One has to laugh at the jabber about the minimum wage. I don't think that raising the minimum wage does much harm, so maybe it's not a big deal. But it is offensive that nearly all the harm falls on those who the measure is supposed to help, the economically marginal.
And nearly all the benefits accrue to union workers, and people who make high wages, because now their pay is not so out of line, and they are better substitutes for unskilled workers.
1. Very few workers work at minimum wage. I never did. I often worked two jobs, to pay for college. Construction, unloading timbers at a lumber yard, laying sod, working in orange groves. And if you work at minimum wage for more than a year or two, without getting a raise, you have other problems (productivity, attitude, attendance difficulties, etc). It is not clear that raising the minimum wage is the best way to help such desperately marignal people.
2. Job loss, job gentrification
From the EPI site, propaganda arm for white middle class union workers who are the actual chief beneficiaries of the minimum wage increase:
There is no evidence of job loss from the last minimum wage increase.
A 1998 EPI study failed to find any systematic, significant job loss associated with the 1996-97 minimum wage increase. In fact, following the most recent increase in the minimum wage in 1996-97, the low-wage labor market performed better than it had in decades (e.g., lower unemployment rates, increased average hourly wages, increased family income, decreased poverty rates).
Studies of the 1990-91 federal minimum wage increase, as well as studies by David Card and Alan Krueger of several state minimum wage increases, also found no measurable negative impact on employment.
New economic models that look specifically at low-wage labor markets help explain why there is little evidence of job loss associated with minimum wage increases. These models recognize that employers may be able to absorb some of the costs of a wage increase through higher productivity, lower recruiting and training costs, decreased absenteeism, and increased worker morale.
A recent Fiscal Policy Institute (FPI) study of state minimum wages found no evidence of negative employment effects on small businesses.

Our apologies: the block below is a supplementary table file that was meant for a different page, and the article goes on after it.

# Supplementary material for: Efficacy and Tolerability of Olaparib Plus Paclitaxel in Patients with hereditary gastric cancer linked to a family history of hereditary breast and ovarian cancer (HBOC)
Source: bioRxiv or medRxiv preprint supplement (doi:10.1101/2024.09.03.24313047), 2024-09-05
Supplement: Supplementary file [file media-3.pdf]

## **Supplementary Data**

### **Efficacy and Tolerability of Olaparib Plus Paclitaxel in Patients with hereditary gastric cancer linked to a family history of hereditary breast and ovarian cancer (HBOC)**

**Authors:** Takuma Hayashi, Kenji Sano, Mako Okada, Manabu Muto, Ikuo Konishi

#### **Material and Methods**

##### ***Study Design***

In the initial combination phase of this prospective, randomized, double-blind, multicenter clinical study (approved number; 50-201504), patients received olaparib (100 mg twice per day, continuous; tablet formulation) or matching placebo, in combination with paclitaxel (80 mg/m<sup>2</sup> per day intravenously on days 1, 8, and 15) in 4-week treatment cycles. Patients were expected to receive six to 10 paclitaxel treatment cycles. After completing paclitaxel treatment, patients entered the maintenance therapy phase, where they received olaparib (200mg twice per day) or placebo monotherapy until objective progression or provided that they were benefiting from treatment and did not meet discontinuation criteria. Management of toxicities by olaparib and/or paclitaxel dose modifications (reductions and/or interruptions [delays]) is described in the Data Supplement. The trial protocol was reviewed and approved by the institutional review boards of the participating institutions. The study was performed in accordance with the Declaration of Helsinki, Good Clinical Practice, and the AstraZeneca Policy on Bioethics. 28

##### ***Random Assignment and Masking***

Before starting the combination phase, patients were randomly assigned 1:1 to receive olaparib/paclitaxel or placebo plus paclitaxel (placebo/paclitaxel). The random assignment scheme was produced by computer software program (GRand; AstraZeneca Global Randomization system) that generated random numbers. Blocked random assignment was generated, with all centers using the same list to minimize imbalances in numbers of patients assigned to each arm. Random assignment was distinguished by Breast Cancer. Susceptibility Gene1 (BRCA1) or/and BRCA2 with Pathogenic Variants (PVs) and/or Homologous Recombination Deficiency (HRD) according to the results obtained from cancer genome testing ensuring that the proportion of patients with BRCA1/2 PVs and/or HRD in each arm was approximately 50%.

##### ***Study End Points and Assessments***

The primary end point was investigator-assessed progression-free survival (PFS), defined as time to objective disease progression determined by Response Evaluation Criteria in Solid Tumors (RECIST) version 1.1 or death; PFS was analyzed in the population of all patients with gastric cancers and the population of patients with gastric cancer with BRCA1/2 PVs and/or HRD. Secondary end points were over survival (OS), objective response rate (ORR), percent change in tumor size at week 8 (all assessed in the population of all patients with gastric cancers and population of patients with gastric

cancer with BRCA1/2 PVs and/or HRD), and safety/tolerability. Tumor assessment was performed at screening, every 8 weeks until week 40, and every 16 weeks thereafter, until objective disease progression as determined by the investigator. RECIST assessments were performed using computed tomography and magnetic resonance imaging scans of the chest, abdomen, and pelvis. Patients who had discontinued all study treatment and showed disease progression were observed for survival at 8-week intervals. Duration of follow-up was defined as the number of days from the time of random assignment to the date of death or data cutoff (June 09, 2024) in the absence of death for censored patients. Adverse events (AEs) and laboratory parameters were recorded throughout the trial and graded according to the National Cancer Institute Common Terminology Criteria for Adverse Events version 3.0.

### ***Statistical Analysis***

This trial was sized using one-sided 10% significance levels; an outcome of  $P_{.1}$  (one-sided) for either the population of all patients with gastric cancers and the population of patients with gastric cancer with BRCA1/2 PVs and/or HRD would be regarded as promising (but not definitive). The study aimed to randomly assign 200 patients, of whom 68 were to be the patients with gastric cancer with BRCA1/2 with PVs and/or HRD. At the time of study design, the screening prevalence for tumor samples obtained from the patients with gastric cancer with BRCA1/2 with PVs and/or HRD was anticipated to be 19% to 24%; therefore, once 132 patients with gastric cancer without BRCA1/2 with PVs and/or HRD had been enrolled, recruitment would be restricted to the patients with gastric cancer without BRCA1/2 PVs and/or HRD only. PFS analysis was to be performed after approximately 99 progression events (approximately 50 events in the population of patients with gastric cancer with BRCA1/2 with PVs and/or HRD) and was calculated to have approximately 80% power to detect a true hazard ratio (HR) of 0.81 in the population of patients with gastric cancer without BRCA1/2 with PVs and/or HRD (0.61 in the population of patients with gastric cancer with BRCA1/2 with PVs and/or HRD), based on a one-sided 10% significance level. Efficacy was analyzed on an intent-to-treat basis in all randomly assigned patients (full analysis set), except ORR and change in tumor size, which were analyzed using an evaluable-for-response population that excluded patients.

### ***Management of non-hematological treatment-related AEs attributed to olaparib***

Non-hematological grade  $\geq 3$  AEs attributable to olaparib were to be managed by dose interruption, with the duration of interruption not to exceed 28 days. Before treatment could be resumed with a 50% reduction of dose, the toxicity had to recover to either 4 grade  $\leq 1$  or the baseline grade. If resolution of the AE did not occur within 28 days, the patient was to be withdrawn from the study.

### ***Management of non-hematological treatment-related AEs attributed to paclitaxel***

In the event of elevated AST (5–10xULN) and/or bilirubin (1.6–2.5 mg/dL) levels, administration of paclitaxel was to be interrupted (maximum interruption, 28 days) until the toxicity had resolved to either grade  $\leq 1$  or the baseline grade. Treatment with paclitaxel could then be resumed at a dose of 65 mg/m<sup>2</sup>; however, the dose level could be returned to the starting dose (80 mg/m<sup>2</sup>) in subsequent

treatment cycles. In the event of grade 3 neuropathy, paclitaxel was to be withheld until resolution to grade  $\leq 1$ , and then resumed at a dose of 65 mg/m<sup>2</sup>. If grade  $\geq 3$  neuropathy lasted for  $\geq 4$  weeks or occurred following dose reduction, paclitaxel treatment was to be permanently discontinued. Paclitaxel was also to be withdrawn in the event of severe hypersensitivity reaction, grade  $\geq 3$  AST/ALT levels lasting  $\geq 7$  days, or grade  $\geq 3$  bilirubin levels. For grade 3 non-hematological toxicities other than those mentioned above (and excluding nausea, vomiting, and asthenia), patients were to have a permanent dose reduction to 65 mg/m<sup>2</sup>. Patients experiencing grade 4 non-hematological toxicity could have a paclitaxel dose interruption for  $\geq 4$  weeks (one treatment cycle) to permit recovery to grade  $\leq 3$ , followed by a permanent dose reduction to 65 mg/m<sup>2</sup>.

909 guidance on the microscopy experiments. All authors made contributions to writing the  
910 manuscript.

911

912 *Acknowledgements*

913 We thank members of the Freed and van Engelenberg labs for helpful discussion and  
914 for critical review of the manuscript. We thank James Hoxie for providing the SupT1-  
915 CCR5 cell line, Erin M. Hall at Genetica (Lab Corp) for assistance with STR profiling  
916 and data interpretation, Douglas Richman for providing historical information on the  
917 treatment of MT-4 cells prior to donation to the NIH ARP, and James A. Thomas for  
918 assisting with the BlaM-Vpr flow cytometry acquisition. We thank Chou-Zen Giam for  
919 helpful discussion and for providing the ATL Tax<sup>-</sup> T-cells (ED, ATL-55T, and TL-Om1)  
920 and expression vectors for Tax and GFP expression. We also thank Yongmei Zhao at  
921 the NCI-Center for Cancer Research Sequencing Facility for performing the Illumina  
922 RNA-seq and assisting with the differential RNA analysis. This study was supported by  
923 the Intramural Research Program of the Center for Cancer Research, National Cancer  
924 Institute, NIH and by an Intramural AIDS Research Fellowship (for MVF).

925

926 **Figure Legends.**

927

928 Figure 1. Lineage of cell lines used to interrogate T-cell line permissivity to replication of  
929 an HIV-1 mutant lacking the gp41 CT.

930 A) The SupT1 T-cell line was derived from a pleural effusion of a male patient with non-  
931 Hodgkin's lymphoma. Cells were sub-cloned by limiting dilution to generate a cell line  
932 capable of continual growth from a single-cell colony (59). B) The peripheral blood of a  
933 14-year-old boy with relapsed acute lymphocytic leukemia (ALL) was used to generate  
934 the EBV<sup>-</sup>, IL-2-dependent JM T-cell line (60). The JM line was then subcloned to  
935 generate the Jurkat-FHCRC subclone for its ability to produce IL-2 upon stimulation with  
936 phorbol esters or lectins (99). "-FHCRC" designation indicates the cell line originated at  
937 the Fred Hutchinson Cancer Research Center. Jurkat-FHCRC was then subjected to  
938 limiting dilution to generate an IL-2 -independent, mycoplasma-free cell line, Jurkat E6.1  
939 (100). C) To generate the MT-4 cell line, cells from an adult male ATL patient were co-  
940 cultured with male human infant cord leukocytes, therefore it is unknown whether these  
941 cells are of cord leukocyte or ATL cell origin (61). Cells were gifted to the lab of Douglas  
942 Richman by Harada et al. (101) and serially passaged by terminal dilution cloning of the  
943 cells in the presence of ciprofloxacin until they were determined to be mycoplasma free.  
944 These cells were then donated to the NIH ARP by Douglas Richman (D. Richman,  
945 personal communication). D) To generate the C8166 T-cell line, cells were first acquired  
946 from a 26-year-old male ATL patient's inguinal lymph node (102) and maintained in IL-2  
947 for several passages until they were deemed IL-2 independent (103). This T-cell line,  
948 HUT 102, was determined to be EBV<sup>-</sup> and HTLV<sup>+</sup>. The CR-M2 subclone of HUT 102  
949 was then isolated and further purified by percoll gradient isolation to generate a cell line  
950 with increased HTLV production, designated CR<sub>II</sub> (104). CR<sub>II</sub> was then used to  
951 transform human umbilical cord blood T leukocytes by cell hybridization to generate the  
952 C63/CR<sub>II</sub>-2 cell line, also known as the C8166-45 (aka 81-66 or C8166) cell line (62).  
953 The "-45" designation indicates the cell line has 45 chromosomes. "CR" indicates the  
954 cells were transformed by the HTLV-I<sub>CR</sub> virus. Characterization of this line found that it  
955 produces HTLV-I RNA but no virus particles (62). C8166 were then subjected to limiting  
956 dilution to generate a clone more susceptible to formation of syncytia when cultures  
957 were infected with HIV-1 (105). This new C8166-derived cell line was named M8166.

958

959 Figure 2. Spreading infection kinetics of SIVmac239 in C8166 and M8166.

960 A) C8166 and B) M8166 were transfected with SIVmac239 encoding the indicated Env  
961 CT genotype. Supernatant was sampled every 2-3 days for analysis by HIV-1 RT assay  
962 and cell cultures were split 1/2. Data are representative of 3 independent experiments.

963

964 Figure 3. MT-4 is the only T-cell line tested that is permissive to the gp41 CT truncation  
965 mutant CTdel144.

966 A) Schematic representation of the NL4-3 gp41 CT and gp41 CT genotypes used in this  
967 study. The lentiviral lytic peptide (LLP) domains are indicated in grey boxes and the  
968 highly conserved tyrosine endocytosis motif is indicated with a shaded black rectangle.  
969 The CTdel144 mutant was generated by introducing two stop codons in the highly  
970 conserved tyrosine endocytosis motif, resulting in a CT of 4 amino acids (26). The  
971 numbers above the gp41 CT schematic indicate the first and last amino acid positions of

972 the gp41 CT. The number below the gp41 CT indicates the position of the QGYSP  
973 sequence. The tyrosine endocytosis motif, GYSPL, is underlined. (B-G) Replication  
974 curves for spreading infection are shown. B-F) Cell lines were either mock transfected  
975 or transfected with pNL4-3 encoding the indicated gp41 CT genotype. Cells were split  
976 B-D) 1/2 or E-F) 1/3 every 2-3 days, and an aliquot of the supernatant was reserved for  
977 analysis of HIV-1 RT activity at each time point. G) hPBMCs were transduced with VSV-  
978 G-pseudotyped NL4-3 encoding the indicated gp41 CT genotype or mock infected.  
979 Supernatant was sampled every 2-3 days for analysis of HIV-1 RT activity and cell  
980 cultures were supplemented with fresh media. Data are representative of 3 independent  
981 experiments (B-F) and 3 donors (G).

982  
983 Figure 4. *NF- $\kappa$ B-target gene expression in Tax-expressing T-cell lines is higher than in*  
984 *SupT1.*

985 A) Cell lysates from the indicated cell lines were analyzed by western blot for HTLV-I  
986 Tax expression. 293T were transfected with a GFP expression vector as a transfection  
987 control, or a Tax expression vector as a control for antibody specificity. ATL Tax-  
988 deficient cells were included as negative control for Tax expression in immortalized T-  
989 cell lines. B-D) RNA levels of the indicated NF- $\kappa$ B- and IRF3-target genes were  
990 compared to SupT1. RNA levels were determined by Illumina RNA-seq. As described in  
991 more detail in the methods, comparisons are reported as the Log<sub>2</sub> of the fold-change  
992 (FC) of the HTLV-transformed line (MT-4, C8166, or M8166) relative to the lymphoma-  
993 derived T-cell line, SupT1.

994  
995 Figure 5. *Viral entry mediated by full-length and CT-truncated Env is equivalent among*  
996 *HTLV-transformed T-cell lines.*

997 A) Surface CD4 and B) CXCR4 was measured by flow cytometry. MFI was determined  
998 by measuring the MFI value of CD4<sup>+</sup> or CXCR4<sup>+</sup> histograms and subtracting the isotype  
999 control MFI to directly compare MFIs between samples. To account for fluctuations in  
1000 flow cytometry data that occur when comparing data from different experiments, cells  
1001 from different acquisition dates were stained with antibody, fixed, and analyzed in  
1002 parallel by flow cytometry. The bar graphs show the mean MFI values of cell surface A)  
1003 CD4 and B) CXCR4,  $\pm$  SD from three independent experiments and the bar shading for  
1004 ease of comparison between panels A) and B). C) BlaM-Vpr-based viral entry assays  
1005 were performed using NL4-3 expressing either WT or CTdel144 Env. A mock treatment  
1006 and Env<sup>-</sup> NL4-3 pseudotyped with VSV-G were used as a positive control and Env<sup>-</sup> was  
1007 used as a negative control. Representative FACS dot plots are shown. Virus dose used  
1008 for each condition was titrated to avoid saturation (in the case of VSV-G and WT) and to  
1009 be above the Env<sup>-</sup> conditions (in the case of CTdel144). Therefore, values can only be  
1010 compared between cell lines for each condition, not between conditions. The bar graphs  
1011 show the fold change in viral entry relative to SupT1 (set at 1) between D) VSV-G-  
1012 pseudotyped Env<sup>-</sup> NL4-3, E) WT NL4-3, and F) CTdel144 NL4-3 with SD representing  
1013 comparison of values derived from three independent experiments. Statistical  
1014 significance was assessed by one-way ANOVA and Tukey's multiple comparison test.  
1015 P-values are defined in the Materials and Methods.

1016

The minimum wage increase in the late 1990s was during one of the greatest economic booms in human history. Basically no one was making minimum wage, and so it is hardly surprising that there was no measurable job loss. It was really hard to find workers even at higher wages.
The Card and Krueger analysis is discredited. They themselves recanted, no one claims that specific industries go one way or the other, and the minimum wage increase differentially harmed mom and pop pizza shops, and helped McDendy's and Taco Hell: franchises face more inelastic demand, because of advertising. And, fast food prices in New Jersey (home of the C&K mythology) rose much faster than in surrounding states over the study period.
Finally, the unemployment rate among African-American teenagers is approaching 30%. In many parts of the nation, the unemployment rate among adults (if you count people who have given up looking for work, and account for the fact that we jail people for minor crimes that wouldn't be committed if they had more economic opportunities) is not much lower. If you have no job experience, and no sense of the need to show up for work on time, dressed properly and with an attitude that customers are your boss, you won't EVER have a job. The unemployment rate only measures people who have LOOKED for a job in recent past. Minimum wage increases mean that search is hopeless for anyone who would have been employed at $5.15, but not at $7.25. What is the effect on the measured unemployment rate? Zero! That poor teenager never even bothers to look for a job. We can always build more jails, though. (A screed from the OTHER EPI)
So, anyway, I really don't mind the minimum wage increase. We should just call it the "Legislation To Increase the Salaries of Middle Class White Union Workers Who Contribute Big Bucks to Ted Kennedy." Then, at least we would be honest about who is benefitting.
(you might check the very nice WSJ article by David R. Henderson, which got me thinking about this. Yeah, it's for subscribers. Waddya want for nothing, rubber biscuit?)
UPDATE: Dirty Davey makes a good point: restoring the real minimum wage is different from actually raising it. I worked on this a bit over at Div of Labour.